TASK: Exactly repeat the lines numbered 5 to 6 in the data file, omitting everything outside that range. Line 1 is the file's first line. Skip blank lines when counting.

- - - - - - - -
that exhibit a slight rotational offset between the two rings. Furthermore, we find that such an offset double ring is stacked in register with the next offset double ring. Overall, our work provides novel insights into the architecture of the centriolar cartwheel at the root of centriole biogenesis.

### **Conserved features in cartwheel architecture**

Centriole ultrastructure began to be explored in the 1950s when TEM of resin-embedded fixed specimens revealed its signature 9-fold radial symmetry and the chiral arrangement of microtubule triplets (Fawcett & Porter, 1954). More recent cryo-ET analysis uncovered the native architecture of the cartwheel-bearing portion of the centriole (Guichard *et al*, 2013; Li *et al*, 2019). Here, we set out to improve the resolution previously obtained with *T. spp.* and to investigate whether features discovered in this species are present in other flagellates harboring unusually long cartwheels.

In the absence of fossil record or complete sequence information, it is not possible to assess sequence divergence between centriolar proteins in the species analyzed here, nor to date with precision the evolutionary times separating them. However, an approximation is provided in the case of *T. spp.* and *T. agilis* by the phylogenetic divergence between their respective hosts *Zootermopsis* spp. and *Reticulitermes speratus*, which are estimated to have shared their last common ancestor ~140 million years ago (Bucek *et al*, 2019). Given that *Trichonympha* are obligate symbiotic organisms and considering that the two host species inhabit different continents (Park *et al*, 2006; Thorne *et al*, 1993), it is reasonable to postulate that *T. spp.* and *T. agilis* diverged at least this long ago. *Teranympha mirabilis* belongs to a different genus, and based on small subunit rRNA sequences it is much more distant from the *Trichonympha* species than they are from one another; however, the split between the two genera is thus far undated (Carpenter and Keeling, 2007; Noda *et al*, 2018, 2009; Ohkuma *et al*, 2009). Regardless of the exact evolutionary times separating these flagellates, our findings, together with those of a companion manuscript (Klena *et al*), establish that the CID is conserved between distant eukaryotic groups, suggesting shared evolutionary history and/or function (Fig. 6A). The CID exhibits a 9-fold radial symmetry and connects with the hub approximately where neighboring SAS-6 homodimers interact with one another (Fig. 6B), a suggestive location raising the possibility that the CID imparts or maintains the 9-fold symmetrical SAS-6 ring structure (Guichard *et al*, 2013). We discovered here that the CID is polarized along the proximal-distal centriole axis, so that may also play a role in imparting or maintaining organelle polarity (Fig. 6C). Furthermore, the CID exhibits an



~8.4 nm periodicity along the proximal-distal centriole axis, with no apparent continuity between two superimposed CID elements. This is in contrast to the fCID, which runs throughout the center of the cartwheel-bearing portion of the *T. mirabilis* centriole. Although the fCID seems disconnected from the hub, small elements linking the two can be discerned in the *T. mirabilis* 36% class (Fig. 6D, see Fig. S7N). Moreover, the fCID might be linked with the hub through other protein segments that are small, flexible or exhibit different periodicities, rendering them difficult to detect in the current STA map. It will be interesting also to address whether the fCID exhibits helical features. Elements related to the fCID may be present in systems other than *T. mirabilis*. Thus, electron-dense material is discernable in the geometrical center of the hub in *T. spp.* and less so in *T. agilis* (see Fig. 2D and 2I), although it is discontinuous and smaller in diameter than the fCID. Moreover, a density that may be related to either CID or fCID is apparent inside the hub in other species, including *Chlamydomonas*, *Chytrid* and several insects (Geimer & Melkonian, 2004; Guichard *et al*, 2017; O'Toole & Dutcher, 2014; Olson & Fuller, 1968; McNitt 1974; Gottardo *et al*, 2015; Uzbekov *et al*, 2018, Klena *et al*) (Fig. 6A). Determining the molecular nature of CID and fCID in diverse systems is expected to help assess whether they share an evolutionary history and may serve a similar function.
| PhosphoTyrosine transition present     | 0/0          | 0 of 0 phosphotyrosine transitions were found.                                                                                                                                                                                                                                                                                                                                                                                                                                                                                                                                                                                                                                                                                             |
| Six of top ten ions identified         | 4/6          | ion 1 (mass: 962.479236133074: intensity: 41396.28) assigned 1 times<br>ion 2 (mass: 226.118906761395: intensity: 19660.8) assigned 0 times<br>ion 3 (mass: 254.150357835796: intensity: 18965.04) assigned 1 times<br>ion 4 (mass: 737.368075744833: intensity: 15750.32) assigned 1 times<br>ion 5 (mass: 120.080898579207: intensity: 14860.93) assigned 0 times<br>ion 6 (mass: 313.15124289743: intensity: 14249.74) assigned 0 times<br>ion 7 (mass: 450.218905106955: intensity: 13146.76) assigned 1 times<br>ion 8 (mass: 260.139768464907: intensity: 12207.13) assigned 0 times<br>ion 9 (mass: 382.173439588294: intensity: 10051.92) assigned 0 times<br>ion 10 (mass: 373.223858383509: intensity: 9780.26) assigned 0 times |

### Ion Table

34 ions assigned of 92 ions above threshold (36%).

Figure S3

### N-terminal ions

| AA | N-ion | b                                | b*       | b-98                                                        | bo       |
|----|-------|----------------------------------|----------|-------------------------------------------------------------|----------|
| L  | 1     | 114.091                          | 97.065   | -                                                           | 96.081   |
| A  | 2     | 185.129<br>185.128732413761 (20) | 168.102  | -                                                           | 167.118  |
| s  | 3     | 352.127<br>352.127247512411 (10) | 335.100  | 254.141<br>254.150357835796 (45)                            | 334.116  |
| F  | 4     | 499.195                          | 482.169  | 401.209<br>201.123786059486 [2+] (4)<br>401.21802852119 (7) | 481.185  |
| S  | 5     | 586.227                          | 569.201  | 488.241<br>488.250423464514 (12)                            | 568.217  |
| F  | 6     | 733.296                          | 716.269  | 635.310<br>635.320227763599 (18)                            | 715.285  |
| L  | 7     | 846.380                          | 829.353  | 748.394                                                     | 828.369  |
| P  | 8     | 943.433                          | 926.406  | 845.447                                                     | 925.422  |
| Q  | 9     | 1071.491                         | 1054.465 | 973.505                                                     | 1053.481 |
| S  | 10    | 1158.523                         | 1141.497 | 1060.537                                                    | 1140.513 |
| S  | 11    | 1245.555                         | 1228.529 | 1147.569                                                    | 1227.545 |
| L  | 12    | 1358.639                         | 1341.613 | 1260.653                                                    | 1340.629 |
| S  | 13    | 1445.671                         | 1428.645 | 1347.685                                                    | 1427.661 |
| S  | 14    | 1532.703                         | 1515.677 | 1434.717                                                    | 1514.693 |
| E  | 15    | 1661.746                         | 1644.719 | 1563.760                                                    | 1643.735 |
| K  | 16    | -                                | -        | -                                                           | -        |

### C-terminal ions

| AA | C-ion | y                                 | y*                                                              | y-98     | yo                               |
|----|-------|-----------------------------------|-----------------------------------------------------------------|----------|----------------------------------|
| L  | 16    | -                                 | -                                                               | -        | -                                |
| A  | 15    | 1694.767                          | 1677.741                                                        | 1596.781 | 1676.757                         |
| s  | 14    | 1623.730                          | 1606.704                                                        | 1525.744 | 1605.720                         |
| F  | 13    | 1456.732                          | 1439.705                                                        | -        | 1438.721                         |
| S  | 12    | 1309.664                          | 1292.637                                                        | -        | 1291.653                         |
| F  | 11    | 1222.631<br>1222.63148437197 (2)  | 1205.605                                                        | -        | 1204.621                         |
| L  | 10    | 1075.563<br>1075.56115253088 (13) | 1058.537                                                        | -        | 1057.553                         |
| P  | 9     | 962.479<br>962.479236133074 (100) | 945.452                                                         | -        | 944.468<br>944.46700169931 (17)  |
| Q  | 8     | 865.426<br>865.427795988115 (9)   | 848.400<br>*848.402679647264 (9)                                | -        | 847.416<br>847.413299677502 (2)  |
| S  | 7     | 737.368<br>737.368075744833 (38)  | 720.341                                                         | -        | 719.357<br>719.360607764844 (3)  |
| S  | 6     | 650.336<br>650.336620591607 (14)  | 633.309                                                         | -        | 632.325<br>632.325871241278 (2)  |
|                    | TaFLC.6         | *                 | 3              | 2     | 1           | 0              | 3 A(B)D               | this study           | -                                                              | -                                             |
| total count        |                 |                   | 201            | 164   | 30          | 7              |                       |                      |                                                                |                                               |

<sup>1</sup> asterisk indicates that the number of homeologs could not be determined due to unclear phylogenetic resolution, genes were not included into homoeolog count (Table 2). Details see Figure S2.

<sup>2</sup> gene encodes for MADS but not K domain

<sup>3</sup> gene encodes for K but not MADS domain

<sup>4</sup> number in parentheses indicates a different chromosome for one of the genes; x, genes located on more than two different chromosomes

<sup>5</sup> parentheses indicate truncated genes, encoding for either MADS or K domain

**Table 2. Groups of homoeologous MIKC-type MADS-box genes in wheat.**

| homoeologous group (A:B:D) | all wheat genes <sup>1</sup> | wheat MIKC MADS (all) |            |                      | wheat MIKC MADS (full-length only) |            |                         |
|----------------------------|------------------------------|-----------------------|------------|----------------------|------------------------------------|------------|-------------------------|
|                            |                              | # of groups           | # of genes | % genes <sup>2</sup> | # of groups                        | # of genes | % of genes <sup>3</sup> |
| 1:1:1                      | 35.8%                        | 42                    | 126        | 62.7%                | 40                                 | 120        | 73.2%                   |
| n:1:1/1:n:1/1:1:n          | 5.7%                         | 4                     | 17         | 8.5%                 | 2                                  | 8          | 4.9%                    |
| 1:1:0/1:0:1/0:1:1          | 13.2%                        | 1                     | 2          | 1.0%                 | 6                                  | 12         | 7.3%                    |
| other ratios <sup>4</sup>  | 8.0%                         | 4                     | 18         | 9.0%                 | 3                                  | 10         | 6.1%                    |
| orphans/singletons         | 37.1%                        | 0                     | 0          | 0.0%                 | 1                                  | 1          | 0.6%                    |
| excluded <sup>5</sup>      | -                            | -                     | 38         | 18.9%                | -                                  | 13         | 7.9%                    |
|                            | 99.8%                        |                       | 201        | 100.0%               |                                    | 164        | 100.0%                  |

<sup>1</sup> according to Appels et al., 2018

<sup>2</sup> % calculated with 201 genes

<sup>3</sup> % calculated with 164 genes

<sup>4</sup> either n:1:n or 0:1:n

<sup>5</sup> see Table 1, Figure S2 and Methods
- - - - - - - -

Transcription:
~8.4 nm periodicity along the proximal-distal centriole axis, with no apparent continuity between two superimposed CID elements. This is in contrast to the fCID, which runs throughout the center of the cartwheel-bearing portion of the *T. mirabilis* centriole. Although the fCID seems disconnected from the hub, small elements linking the two can be discerned in the *T. mirabilis* 36% class (Fig. 6D, see Fig. S7N). Moreover, the fCID might be linked with the hub through other protein segments that are small, flexible or exhibit different periodicities, rendering them difficult to detect in the current STA map. It will be interesting also to address whether the fCID exhibits helical features. Elements related to the fCID may be present in systems other than *T. mirabilis*. Thus, electron-dense material is discernable in the geometrical center of the hub in *T. spp.* and less so in *T. agilis* (see Fig. 2D and 2I), although it is discontinuous and smaller in diameter than the fCID. Moreover, a density that may be related to either CID or fCID is apparent inside the hub in other species, including *Chlamydomonas*, *Chytrid* and several insects (Geimer & Melkonian, 2004; Guichard *et al*, 2017; O'Toole & Dutcher, 2014; Olson & Fuller, 1968; McNitt 1974; Gottardo *et al*, 2015; Uzbekov *et al*, 2018, Klena *et al*) (Fig. 6A). Determining the molecular nature of CID and fCID in diverse systems is expected to help assess whether they share an evolutionary history and may serve a similar function.
| PhosphoTyrosine transition present     | 0/0          | 0 of 0 phosphotyrosine transitions were found.                                                                                                                                                                                                                                                                                                                                                                                                                                                                                                                                                                                                                                                                                             |